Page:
Finding yourself is a journey
Finally, one perfect day in early July, I arrive in northern New Mexico with comfortable clothes, a journal, sunscreen, a jacket for cool nights, and rain gear. I’m aware that I’m carrying my interior baggage as well—hoping that someone will be heavier than I, uglier, older, more insecure, more anxious, less spiritual and less enlightened.
As I watch the participants arrive, I worry that I won’t fit in, that I’m too high strung, too nervous. I first see a couple with all the right equipment: designer backpacks, cool sun hats that I can never find, the right sunglasses. Ruggedly handsome and confident, he’s carrying a mandolin. She is petite and perfect with curly hair. They smile at each other, their eyes sparkling. I look at my rolling city suitcase and my thirty extra pounds of soft middle-aged weight, and I think: 0-1.
The next couple is tenting just beyond the apple orchard, that is the front yard for the yurt where I will be staying. They are both fit, happy, and gorgeous. She moves like a ballet dancer and his lean build tells me he rides a bike and can probably rest his ankles on his shoulders and drink coffee at the same time. Their bodies seem to meld into each other as they glide across the grass. They are in love, their life is perfect; I’m certain they do naked yoga together every morning, and I imagine that their sex life is explosive and tender. As I watch them, I feel myself trying to suck in my belly; I am single and have no hopes for love; my shoulders droop. 0-2.
I am shaky and anxious
I am relieved when I see two middle-aged women and an older man arrive. But my relief doesn’t last long. I watch them unpack their shiny, new cars (two BMWs and an Audi). They all have expensive luggage sets and they look rich and successful. The women appear powerful, moving with determination and efficiency. The silver-haired man seems kind and gentle like a grandfather. Smooth and easy with themselves and each other, they’ve done this before. Now it’s 0-5, and I am shaky and anxious.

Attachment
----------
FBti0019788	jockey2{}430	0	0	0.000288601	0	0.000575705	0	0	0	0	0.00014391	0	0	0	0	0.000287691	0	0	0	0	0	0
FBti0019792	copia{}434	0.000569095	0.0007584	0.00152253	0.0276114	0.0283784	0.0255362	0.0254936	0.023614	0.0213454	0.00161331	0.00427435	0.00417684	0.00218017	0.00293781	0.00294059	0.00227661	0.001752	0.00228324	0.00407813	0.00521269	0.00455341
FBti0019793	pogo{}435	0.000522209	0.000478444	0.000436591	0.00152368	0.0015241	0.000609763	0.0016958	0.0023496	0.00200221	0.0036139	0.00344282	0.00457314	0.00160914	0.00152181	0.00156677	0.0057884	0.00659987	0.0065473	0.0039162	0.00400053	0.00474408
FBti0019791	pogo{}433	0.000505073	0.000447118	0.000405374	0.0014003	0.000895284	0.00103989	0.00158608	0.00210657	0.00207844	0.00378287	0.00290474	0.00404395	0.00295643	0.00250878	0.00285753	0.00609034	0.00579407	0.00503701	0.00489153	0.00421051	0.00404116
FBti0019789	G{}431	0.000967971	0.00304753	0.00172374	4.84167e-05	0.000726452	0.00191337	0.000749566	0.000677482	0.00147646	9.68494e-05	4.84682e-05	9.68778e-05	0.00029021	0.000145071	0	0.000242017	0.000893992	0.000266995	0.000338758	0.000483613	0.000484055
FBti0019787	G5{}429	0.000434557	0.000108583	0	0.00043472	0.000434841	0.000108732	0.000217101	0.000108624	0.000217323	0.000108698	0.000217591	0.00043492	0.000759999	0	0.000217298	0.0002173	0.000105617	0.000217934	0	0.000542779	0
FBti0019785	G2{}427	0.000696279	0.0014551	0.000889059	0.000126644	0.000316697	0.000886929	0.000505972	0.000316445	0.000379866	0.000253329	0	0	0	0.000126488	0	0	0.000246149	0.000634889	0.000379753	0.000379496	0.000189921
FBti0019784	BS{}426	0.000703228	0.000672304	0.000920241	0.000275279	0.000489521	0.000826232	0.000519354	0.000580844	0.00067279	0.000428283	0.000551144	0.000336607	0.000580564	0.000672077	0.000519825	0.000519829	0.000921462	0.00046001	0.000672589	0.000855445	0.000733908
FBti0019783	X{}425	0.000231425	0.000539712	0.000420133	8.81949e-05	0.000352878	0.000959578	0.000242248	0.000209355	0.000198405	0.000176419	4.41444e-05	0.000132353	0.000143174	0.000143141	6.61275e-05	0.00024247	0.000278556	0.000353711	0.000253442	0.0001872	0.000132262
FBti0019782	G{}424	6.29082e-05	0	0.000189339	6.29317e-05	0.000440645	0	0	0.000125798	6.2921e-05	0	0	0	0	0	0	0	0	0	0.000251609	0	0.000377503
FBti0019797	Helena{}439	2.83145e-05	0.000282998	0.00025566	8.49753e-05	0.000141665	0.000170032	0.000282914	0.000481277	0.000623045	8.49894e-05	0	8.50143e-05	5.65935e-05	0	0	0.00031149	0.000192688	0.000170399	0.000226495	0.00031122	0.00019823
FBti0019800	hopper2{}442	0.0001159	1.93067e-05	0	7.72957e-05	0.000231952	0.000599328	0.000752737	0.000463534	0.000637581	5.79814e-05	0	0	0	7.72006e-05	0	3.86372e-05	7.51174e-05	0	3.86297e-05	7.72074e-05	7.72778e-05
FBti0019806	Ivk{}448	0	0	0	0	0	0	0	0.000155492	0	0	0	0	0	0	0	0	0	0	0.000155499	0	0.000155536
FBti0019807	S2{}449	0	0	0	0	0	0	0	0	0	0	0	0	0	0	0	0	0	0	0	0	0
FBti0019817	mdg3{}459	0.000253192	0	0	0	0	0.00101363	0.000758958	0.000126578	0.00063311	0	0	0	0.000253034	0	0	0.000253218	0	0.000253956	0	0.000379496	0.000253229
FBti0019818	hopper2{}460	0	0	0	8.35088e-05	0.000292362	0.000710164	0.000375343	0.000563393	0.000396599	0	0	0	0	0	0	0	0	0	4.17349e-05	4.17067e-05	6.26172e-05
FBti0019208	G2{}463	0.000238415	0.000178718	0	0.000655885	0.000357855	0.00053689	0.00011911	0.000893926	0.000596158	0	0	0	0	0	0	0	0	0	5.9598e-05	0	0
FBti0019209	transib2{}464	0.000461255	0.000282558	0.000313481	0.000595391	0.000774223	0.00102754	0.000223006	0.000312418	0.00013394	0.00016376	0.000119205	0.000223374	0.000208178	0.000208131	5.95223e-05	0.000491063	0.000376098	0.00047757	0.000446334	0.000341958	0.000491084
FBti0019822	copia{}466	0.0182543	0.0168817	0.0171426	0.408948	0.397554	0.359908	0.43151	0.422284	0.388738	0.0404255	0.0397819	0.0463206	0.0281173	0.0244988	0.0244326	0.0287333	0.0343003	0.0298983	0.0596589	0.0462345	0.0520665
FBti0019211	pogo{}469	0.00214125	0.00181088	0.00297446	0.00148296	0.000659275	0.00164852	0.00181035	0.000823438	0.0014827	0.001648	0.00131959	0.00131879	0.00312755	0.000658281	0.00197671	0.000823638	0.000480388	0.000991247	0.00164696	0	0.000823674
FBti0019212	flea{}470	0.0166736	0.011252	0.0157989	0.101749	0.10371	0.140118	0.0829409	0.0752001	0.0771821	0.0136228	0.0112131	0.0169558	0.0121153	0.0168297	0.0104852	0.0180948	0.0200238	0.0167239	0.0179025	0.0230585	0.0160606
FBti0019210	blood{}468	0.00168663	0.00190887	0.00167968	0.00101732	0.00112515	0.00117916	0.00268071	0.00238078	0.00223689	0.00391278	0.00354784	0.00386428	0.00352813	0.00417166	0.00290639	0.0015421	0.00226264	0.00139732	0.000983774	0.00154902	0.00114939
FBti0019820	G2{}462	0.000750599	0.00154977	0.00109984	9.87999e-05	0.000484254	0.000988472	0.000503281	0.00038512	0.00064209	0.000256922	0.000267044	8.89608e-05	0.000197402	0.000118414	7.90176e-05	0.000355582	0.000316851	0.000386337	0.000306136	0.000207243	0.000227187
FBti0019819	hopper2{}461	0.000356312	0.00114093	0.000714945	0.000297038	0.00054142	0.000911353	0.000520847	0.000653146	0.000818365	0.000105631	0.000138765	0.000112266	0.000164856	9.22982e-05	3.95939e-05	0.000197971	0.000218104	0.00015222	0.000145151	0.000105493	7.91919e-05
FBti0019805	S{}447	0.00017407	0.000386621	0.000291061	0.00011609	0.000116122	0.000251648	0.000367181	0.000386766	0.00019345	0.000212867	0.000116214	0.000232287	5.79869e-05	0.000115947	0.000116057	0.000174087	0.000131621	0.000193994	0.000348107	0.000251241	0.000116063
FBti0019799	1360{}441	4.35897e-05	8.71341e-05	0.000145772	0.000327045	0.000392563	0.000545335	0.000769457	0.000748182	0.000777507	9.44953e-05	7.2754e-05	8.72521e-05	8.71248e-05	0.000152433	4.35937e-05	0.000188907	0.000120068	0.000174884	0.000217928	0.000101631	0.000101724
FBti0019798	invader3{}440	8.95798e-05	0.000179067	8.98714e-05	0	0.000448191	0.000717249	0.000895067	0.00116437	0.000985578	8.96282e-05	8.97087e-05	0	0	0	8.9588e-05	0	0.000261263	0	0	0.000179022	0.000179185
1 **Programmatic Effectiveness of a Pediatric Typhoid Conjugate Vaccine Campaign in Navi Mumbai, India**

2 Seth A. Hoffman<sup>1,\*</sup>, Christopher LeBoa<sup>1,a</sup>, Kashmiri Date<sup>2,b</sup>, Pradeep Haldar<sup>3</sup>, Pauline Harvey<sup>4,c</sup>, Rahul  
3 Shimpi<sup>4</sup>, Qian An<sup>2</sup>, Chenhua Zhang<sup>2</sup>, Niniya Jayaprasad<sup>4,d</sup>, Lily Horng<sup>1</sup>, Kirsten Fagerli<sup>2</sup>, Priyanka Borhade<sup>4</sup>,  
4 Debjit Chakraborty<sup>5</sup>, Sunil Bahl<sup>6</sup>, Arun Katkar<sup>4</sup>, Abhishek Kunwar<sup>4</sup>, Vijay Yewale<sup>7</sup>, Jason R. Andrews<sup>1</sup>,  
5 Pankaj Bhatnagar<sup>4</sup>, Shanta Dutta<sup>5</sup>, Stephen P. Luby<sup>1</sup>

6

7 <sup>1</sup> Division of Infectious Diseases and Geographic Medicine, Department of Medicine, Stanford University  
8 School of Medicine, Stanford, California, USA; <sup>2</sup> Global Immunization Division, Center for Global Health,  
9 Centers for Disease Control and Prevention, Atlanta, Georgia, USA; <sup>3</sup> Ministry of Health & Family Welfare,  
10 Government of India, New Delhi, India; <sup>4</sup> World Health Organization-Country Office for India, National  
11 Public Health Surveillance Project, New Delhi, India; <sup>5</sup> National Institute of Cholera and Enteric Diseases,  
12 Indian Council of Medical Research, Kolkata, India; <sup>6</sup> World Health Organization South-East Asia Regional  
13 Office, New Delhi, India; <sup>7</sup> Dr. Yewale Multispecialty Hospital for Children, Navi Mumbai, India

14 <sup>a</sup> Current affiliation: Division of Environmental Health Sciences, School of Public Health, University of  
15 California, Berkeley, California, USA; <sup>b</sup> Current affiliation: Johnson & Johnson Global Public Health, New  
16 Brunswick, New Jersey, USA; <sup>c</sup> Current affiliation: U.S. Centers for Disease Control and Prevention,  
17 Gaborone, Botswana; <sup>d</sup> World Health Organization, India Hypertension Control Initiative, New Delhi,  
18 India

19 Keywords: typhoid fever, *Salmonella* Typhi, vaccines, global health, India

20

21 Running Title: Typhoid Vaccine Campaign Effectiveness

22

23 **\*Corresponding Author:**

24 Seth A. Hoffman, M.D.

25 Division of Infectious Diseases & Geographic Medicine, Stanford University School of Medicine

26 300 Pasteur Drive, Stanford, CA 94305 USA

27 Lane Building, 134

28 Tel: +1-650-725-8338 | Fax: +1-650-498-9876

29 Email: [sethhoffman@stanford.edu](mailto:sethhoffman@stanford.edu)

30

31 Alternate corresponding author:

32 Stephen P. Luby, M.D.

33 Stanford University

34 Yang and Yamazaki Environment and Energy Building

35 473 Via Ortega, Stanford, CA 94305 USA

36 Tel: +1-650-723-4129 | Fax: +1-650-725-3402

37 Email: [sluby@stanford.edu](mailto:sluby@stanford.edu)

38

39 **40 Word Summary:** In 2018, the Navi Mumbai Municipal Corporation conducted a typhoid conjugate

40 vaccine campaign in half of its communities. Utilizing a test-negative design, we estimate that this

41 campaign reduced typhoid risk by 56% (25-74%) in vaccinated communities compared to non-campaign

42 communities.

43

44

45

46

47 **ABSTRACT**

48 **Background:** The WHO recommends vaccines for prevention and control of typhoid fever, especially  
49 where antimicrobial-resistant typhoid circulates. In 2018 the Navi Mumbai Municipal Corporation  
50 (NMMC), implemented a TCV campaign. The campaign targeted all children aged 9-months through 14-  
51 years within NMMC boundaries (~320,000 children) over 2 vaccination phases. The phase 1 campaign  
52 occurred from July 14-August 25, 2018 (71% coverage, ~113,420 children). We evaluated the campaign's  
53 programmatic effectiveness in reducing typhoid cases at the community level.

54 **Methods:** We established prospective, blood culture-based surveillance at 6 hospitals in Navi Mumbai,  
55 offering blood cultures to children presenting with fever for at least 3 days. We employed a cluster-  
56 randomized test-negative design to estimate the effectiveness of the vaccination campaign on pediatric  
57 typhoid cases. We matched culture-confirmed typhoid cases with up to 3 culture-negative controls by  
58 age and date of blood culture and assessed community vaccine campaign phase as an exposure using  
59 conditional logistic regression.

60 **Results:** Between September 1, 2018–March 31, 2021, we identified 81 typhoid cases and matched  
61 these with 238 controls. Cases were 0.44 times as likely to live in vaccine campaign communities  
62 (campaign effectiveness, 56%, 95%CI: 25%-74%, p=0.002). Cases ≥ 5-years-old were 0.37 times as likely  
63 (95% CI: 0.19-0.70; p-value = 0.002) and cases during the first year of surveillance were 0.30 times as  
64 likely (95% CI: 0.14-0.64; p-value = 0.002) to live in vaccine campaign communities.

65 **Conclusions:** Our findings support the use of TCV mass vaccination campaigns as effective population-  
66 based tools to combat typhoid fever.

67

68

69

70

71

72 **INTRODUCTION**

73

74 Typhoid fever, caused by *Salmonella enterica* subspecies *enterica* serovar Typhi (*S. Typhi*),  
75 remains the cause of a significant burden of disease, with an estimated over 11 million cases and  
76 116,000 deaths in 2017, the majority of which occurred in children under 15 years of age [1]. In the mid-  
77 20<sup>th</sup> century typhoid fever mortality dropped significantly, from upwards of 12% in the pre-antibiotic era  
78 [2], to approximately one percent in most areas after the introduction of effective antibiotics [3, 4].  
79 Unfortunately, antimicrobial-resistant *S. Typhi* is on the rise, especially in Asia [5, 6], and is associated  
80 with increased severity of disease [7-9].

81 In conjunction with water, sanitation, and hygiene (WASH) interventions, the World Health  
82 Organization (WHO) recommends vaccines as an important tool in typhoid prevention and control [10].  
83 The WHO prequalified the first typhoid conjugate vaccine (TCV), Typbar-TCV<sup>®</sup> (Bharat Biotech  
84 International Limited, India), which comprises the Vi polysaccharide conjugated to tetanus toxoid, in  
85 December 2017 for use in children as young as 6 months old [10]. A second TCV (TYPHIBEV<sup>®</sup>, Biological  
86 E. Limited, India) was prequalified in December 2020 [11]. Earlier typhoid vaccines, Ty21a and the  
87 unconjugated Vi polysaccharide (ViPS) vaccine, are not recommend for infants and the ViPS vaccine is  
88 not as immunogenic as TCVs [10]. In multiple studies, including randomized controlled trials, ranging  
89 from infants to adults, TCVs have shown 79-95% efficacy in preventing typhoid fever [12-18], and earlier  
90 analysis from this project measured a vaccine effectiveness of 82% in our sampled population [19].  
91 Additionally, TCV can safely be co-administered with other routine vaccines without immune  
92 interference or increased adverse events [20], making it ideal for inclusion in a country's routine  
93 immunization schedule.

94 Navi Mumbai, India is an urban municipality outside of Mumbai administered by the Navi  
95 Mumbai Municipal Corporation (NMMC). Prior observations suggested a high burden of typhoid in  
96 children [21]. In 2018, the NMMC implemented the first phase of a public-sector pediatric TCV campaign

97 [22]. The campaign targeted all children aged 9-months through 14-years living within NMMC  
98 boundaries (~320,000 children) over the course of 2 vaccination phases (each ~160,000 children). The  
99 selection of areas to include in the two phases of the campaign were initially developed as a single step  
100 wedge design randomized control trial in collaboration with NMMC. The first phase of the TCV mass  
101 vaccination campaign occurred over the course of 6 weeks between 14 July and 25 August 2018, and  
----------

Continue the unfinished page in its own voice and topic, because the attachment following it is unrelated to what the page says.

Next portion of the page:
Finally, I see one of the hosts of the retreat, Hannah Eagle. She, and her husband, Jake, are the co-founders of Reology. They’ve been working together in the field of psychology, mental health, and homeopathy for over twenty years. She is almost ten years older than I—yet she has the body of a twenty-year-old and a bounce in her step. She is literally glowing. I’ve connected with her on Skype so I know who she is—I feel a lump rise in my throat, and I am desperate for her to make me feel better, to give me a sense of belonging. She greets me with warmth and enthusiasm and a smile that could melt a glacier. When I look at her sparkling cornflower blue eyes, I feel myself cracking. As I weep in her arms, I cannot breathe. I am embarrassed at my lack of control. 0-6.
Another concern pops up
As I head to my lodging, I try to calm myself. I worry about my wardrobe of comfortable clothes; I shop at Old Navy— not on Fifth Avenue. I don’t do yoga in $90.00 Lululemon stretch pants. I don’t do yoga at all, but if I did, it would be in sweats. Another concern pops up as I unpack, a friend dropped me off, and I realize I’ve left my water bottle in his car. The bottle was number 1 or 2 on the list of requirements. I feel like an idiot. 0-7.